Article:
The great offense is not in the Rev. Wright’s “God damn America.” Biblical prophets called down the judgment of God on their people. But they invoked such judgment in order to call the people to repentance. They spoke so harshly because they had such a high and loving estimate of a divine election betrayed. The Rev. Wright—in starkest contrast to, for instance, ­Martin Luther King Jr.—was not calling for America to live up to its high promise. He was pronouncing God’s judgment on a nation whose original and actual sins of racism are beyond compassion, repentance, or forgiveness. He apparently relishes the prospect of America’s damnation.

And he does so for reasons that are, not to put too fine a point on it, simply crazy. For instance, the claim that the government unleashed the HIV virus in order to exterminate people of color. The question inevitably asked is why Senator Obama, for twenty years, attentively listened to, generously supported, and submitted his children to the ministrations of a man who espoused such odious and bizarre views. To ask the question is not to deny that, as the senator emphasized, the Rev. Wright also did and said many good things. That a peddler of hate and vile slanders is not without virtues is quite beside the point.

Perhaps the single most telling statement in the Philadelphia speech is this: “I can no more disown him than I can disown the black community.” The most reasonable interpretation of that statement, maybe the only reasonable interpretation, is that the Rev. Wright represents “the black community.” This ignores
the great majority of blacks in America, who are in the working and middle classes and participate fully in the opportunities and responsibilities of the American experience.


A Very High Price


The senator lends his prestige to the claim promoted by sundry race hustlers that Colin Powell, Condoleezza Rice, Clarence Thomas, and Bill Cosby, along with millions of other black Americans, are not black enough to be part of “the black community.” One can understand why a Harvard Law School graduate born in Hawaii with a black father from Kenya and a white mother from Kansas would, for political and perhaps personal reasons, seek the street credentials of having “roots” in a militantly black sector of the intensely race-conscious city of Chicago. But complicity in the explicit slander of America and the implicit slander of most blacks in America is a very high price to pay for a ticket of admission to “the black community.”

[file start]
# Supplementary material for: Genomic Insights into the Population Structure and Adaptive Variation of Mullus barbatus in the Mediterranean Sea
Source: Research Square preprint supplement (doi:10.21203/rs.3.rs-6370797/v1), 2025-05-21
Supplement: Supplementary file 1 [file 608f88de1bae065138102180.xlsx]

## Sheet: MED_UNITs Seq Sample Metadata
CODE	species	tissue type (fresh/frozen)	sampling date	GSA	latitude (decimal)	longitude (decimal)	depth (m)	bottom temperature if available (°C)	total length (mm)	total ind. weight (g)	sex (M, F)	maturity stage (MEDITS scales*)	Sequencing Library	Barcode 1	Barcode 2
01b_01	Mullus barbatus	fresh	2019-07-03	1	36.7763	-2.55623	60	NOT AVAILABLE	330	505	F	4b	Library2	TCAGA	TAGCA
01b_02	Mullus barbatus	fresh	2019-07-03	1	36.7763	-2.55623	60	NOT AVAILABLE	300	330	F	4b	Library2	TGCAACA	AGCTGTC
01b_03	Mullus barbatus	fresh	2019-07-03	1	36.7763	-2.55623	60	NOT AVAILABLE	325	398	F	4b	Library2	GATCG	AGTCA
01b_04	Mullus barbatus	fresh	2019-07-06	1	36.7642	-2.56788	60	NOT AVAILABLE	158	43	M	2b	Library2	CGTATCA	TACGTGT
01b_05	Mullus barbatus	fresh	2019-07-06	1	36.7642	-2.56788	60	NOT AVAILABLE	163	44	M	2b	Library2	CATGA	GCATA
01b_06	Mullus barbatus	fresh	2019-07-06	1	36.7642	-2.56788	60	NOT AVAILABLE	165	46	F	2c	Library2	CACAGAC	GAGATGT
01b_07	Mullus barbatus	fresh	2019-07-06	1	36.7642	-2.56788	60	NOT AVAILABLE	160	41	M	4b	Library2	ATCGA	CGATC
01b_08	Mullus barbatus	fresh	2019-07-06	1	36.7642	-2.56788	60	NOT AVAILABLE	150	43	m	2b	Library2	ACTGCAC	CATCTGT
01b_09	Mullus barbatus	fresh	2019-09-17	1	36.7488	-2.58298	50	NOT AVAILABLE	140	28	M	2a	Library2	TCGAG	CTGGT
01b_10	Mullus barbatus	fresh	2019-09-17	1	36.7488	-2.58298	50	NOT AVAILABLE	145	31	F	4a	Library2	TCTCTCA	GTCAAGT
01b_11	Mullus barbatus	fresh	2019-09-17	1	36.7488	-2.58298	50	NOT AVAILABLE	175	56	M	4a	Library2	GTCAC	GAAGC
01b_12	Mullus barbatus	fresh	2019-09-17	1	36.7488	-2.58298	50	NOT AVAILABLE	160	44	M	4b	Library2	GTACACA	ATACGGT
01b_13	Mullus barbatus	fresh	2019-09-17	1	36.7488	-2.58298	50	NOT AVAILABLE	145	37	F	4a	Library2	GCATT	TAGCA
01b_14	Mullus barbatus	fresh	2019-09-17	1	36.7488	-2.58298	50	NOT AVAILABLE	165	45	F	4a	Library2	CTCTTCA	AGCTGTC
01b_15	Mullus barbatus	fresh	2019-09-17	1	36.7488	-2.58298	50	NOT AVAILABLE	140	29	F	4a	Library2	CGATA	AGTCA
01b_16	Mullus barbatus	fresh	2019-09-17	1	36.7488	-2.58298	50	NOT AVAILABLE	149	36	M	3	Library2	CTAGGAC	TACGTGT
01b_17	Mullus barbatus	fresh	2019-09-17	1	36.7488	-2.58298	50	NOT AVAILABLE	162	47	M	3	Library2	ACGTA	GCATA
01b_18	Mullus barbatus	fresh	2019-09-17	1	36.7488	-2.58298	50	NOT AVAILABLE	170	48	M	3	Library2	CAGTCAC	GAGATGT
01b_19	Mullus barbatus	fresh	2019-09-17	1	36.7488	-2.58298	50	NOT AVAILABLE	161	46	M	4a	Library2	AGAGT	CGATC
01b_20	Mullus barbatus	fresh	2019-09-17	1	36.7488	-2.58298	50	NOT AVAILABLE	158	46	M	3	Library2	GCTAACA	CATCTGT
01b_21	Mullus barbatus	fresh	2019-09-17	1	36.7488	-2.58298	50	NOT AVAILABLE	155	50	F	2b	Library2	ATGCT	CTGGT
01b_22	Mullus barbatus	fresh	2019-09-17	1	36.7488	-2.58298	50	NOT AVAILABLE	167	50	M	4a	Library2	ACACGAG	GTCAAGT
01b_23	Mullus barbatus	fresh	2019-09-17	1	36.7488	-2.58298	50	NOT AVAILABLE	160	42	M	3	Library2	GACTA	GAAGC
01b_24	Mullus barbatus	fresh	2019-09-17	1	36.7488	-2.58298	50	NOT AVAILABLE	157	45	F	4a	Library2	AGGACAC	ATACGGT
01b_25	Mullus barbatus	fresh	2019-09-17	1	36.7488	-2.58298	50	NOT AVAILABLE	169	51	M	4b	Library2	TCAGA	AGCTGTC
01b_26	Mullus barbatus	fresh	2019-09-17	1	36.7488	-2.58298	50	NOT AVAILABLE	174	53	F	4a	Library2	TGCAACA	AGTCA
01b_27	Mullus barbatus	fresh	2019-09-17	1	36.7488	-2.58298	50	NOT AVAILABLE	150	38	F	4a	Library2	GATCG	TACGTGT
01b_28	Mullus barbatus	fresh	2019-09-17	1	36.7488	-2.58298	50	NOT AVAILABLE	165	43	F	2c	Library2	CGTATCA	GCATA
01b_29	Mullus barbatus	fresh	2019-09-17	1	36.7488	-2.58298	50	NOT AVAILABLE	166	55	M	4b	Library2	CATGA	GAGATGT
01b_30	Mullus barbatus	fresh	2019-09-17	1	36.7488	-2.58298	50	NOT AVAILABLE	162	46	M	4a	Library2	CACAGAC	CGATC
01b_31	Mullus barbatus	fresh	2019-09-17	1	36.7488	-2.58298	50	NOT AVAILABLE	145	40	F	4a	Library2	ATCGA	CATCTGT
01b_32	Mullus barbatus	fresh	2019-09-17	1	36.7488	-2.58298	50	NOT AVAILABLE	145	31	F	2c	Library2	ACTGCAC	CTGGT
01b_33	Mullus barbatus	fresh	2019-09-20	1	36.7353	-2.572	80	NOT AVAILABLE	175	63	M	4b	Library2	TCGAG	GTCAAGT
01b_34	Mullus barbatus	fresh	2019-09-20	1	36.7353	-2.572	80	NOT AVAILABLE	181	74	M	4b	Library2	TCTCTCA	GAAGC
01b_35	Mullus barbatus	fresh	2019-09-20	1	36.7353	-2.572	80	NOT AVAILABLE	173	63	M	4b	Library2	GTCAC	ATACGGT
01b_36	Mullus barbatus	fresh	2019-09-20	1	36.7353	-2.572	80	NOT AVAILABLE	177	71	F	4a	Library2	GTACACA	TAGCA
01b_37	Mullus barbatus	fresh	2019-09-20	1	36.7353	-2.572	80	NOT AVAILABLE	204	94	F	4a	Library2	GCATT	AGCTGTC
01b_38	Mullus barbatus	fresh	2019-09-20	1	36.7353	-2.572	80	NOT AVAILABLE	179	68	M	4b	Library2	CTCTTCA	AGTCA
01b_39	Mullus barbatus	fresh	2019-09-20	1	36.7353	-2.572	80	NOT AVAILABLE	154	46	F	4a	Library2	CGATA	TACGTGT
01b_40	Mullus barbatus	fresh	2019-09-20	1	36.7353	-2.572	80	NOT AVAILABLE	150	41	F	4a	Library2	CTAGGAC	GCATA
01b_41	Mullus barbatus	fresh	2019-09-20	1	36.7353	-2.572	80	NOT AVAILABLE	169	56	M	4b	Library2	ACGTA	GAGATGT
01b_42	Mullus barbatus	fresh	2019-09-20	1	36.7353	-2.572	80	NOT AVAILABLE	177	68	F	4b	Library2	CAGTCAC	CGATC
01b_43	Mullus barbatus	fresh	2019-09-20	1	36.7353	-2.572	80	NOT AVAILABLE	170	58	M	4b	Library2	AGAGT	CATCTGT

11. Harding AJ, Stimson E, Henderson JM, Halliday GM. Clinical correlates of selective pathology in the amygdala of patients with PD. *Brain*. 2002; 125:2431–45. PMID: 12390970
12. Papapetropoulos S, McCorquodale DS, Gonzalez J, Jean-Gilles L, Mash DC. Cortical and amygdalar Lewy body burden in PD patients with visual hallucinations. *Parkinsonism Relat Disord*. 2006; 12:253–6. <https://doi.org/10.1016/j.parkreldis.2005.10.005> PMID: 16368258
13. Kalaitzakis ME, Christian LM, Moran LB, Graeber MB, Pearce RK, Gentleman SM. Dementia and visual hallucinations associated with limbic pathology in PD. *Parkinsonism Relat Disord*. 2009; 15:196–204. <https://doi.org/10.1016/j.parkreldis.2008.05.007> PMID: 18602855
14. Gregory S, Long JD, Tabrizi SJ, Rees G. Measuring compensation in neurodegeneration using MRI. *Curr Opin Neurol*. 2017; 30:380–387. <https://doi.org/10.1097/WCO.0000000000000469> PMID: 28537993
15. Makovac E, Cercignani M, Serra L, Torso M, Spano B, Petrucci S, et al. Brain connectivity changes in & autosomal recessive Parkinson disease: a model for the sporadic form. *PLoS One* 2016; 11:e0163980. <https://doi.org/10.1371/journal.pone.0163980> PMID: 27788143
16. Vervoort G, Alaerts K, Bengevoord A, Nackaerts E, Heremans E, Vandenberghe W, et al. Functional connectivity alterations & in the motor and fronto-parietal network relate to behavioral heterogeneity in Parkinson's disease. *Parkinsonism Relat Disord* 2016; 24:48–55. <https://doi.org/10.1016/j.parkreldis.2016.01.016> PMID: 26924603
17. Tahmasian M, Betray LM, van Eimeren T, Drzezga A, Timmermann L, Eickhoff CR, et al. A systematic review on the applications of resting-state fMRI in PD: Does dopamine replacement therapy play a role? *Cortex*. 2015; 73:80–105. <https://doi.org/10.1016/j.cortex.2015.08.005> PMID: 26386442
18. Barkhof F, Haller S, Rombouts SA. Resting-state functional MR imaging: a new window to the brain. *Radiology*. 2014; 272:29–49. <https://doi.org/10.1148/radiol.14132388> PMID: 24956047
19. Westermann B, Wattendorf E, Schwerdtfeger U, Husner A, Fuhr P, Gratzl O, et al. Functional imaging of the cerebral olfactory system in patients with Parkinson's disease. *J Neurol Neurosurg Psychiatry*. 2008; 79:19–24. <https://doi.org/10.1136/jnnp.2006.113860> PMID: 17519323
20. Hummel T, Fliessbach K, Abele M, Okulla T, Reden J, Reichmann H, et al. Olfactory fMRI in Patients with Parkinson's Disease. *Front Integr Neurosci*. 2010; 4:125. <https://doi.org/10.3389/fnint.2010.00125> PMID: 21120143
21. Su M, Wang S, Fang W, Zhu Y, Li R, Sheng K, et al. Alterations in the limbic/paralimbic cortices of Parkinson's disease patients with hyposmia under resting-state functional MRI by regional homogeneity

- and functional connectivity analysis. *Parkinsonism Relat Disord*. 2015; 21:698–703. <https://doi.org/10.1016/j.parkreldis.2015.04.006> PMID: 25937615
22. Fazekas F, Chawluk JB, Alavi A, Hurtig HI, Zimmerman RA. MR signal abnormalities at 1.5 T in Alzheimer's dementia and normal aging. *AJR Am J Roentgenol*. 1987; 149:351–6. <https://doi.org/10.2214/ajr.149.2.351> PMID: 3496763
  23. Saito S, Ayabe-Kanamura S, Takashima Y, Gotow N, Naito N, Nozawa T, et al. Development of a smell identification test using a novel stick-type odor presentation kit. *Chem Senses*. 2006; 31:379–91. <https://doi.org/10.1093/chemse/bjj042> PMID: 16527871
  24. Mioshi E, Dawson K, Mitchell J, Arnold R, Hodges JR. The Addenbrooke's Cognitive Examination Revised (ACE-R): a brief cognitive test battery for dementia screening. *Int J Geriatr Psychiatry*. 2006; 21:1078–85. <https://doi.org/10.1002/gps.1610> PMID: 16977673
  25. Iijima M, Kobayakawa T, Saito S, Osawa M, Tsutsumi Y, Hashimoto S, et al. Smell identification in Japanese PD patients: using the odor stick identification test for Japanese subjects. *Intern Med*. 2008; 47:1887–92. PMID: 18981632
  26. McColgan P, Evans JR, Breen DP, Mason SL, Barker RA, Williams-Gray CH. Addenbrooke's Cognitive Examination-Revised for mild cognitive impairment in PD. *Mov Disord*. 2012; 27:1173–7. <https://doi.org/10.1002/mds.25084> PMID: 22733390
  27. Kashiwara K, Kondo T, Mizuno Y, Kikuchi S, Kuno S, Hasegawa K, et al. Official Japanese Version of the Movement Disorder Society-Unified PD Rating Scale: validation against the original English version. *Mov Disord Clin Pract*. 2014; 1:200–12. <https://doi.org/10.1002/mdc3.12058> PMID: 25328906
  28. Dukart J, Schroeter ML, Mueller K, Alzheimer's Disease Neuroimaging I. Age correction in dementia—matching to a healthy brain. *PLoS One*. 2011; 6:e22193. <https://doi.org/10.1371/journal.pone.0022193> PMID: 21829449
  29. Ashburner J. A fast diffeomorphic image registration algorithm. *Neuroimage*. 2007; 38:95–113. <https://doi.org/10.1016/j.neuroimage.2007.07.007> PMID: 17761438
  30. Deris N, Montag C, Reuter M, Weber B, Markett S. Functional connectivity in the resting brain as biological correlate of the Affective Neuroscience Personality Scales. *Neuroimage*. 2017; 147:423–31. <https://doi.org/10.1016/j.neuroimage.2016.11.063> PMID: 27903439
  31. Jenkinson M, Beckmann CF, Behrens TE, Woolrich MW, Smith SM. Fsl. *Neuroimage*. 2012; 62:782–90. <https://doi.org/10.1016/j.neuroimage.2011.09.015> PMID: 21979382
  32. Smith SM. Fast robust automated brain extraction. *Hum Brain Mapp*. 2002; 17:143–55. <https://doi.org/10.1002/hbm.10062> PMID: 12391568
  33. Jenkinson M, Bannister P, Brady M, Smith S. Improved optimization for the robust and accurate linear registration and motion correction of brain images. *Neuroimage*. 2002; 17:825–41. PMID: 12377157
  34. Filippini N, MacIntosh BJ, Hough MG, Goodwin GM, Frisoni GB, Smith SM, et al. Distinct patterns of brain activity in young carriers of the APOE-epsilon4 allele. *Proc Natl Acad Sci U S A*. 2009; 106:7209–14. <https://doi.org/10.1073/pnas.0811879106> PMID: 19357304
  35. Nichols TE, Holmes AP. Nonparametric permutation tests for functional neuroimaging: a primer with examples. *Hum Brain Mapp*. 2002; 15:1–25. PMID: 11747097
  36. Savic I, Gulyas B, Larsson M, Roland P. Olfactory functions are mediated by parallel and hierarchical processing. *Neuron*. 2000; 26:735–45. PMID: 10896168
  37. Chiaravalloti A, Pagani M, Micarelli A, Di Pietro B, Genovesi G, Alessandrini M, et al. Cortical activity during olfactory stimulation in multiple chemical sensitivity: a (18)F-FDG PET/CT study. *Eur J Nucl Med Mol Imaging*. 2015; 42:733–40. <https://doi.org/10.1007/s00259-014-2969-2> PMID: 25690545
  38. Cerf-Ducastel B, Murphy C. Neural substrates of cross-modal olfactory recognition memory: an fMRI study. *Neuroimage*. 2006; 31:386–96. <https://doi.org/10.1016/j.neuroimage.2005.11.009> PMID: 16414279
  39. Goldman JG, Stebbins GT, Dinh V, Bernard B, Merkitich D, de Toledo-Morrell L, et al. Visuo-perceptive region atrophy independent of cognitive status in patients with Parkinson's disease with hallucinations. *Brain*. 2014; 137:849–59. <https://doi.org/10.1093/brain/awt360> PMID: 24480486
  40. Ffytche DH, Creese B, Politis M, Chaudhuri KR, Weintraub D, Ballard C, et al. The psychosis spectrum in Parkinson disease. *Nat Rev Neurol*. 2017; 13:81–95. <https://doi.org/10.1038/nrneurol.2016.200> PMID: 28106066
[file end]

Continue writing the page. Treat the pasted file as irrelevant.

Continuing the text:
In his speech, Obama reminded us that eleven o’clock on Sunday morning is the most segregated hour of the week in America. He might have done something about that by joining one of the racially integrated churches in his New Hyde Park neighborhood. But of course that would not have given him the black “street creds” that he needed for political, and perhaps personal, reasons. In saying he could not ­disown the black community represented by the Rev. Wright and his church, Obama, however inadvertently, invited his supporters to join in giving new respectability to old stereotypes. The message was and is: This is how those black folk are. Get used to it.

John McWhorter of the Manhattan Institute is an uncommonly wise and candid, even courageous, black writer on matters racial. But he, too, succumbed to the spell cast by Senator Obama. Americans, he wrote, must understand that when blacks cheer the Rev. Wright and his like, “They hear a stirring articulation of rebellion listenable according to a sense that fealty to one’s race entails at least a gestural nod to sticking a ­finger in whitey’s eye now and then. The tone, the music of the statements, is more vivid than the content. ­Sermons like this are Sunday morning’s version of gangsta rap.”

Sure, gangsta rap celebrates unbounded violence, drugs, and the raping of young women. But, we are told, black folk love it. And they don’t really mean it, not really. In cheering the outrageous statements of the Rev. Wright and his like, McWhorter writes, “they weren’t listening to them as logic, but as atmosphere.” He concludes: “I, for one, am still ready for a black president. I wonder if the rest of America is.” I’m afraid that a very large part of America is all too ready to accept this stereotype of blacks and is therefore not ready for this black American to be president.